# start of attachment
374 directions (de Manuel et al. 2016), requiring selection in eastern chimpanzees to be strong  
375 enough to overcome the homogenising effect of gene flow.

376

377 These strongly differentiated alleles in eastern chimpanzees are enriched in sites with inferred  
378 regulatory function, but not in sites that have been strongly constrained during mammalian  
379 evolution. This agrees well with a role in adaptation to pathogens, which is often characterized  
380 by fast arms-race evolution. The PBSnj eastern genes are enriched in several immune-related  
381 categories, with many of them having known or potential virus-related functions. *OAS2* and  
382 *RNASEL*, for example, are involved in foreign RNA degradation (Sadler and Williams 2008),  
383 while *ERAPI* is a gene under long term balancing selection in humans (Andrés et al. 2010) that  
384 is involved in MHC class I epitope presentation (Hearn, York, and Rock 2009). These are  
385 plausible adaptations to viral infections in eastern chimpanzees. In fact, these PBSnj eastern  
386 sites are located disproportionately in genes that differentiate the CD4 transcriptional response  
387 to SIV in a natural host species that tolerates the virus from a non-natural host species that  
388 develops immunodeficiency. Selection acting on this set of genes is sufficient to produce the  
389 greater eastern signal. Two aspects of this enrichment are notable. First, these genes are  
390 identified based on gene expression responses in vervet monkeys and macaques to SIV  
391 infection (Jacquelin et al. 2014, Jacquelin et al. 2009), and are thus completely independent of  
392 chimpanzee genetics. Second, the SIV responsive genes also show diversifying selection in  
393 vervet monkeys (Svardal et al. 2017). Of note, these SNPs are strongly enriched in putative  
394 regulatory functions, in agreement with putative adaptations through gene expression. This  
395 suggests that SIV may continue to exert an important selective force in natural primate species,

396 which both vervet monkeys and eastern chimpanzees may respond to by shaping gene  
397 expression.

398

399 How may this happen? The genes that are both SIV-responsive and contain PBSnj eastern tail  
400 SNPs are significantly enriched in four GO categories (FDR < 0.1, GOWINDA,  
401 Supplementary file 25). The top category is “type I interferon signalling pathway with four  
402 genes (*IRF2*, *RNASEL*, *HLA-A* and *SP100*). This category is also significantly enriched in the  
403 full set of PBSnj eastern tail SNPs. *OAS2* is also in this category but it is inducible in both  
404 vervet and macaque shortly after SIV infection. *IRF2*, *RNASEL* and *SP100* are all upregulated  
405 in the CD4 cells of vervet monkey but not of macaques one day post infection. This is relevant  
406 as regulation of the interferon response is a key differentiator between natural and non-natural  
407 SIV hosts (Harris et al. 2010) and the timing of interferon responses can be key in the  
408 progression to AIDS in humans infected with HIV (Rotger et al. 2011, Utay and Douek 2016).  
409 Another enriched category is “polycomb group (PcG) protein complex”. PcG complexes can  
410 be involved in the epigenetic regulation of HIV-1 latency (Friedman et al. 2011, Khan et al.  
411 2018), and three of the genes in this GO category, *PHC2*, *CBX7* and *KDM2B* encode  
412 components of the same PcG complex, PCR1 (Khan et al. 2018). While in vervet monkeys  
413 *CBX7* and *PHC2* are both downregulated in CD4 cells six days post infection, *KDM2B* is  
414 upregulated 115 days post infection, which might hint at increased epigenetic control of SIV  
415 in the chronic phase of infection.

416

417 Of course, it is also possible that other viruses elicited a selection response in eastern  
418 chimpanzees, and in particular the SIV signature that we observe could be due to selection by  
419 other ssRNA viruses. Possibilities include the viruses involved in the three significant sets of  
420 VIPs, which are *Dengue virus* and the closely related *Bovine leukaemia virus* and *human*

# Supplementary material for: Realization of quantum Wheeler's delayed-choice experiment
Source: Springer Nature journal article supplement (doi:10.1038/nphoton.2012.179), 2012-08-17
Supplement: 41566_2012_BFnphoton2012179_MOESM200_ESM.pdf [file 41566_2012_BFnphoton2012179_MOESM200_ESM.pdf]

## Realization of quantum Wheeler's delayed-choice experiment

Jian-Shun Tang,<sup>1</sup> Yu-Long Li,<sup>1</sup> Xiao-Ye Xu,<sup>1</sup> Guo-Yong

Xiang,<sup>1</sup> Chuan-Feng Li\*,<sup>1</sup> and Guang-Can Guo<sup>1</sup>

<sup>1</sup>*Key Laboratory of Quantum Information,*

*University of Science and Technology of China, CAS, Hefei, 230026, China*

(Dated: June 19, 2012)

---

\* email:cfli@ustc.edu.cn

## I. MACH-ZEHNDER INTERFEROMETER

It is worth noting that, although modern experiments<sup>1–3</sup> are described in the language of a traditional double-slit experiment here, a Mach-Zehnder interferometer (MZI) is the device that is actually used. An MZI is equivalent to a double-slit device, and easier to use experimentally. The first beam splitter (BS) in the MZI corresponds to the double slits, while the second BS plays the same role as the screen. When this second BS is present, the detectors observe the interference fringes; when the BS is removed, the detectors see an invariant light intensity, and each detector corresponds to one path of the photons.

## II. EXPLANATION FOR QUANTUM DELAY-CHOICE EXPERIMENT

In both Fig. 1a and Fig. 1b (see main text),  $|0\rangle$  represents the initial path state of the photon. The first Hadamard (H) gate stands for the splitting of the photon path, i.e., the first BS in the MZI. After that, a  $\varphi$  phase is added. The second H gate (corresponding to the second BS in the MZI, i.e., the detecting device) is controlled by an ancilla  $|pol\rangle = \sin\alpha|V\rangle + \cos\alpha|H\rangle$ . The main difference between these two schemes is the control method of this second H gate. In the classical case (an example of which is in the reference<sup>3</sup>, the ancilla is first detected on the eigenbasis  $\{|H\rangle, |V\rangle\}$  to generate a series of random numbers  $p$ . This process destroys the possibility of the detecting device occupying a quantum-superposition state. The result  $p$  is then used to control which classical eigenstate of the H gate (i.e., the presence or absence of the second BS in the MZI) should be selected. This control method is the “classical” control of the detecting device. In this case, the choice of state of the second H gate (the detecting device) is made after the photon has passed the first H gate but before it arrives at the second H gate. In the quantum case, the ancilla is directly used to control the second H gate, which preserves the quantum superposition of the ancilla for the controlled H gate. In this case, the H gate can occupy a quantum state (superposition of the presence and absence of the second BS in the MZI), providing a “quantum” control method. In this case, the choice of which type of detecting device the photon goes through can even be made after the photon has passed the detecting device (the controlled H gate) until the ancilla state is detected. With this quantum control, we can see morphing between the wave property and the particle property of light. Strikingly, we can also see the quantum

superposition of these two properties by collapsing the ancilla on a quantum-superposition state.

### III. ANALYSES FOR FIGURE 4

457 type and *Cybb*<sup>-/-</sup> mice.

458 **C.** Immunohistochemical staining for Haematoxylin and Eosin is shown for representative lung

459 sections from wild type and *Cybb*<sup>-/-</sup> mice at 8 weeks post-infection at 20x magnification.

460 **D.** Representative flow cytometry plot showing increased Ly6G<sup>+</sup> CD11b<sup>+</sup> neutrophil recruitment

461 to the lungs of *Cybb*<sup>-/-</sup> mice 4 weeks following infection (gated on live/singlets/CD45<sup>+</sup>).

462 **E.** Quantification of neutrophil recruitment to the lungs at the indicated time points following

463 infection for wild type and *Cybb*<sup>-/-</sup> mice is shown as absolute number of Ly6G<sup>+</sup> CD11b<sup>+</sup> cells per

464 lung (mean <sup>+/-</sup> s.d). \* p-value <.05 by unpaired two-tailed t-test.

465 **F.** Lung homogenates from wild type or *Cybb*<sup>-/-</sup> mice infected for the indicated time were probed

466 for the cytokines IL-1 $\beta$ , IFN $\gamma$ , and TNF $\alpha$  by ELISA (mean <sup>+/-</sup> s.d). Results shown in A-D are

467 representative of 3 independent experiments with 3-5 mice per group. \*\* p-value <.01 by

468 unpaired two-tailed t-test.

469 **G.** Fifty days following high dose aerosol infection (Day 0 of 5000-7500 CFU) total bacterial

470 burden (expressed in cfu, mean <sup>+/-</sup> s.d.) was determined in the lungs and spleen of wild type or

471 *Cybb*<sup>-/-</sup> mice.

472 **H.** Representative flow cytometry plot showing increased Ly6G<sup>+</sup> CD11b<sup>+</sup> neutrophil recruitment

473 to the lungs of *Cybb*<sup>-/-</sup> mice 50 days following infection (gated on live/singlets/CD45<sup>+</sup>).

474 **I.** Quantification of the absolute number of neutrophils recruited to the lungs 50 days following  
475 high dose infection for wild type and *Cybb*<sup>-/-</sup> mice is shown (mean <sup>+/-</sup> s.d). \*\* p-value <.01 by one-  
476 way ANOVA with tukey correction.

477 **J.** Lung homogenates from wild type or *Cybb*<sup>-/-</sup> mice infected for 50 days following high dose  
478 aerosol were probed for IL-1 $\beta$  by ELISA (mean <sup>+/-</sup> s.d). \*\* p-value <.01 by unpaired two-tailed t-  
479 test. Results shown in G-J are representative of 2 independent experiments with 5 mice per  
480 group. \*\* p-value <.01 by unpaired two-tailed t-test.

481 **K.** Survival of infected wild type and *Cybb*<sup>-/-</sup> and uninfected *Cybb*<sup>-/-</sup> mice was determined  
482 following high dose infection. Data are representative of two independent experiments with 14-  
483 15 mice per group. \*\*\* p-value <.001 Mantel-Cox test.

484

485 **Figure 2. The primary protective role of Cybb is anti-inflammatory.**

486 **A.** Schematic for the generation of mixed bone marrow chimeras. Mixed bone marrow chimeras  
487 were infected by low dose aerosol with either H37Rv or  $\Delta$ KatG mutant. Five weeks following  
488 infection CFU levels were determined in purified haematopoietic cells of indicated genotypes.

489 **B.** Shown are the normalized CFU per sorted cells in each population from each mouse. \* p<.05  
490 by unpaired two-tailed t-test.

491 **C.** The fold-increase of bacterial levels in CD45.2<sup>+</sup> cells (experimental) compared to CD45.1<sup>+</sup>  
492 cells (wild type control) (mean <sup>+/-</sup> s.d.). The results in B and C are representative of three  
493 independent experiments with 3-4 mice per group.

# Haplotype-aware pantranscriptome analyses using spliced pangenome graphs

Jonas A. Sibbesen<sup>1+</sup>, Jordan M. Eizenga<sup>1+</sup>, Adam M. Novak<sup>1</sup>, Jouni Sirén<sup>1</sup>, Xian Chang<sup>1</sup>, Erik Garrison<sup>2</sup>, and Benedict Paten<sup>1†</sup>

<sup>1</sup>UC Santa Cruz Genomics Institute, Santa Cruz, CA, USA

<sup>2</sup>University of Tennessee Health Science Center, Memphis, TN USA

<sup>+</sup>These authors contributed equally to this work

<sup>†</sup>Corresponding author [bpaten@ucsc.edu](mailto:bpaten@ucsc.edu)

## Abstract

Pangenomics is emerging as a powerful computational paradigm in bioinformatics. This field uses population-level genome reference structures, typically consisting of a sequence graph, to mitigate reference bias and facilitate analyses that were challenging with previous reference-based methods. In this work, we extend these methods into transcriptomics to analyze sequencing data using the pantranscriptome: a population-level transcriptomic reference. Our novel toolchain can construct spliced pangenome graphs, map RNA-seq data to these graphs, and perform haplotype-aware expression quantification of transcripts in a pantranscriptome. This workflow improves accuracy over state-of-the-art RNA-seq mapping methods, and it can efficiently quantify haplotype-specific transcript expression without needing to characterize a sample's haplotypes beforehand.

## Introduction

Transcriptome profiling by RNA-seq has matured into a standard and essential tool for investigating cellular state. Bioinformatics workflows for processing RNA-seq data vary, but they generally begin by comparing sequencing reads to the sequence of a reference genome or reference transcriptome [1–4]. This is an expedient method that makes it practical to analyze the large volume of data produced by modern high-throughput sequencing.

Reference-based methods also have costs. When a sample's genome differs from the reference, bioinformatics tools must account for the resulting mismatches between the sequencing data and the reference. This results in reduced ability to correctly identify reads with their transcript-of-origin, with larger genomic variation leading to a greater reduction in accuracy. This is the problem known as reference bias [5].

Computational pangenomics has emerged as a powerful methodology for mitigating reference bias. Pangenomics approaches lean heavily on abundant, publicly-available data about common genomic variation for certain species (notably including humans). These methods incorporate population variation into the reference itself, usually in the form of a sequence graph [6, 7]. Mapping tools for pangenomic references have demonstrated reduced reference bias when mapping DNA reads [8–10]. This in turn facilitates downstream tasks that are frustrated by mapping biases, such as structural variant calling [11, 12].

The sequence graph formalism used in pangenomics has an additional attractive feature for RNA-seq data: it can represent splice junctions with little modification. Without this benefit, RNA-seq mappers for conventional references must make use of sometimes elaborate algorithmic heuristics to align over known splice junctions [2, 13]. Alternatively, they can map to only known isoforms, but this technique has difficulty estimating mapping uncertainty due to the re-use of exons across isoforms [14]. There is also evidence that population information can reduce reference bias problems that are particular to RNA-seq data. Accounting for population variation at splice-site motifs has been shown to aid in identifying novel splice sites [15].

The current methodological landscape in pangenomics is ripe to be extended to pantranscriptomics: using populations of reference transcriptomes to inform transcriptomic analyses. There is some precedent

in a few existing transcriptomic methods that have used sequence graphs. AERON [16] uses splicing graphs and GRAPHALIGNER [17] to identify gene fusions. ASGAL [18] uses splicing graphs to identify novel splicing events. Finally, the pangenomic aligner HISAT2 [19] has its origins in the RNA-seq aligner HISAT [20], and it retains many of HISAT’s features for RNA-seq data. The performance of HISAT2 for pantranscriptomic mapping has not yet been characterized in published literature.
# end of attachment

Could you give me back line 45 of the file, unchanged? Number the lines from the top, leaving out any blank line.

418 chimpanzees, and in particular the SIV signature that we observe could be due to selection by  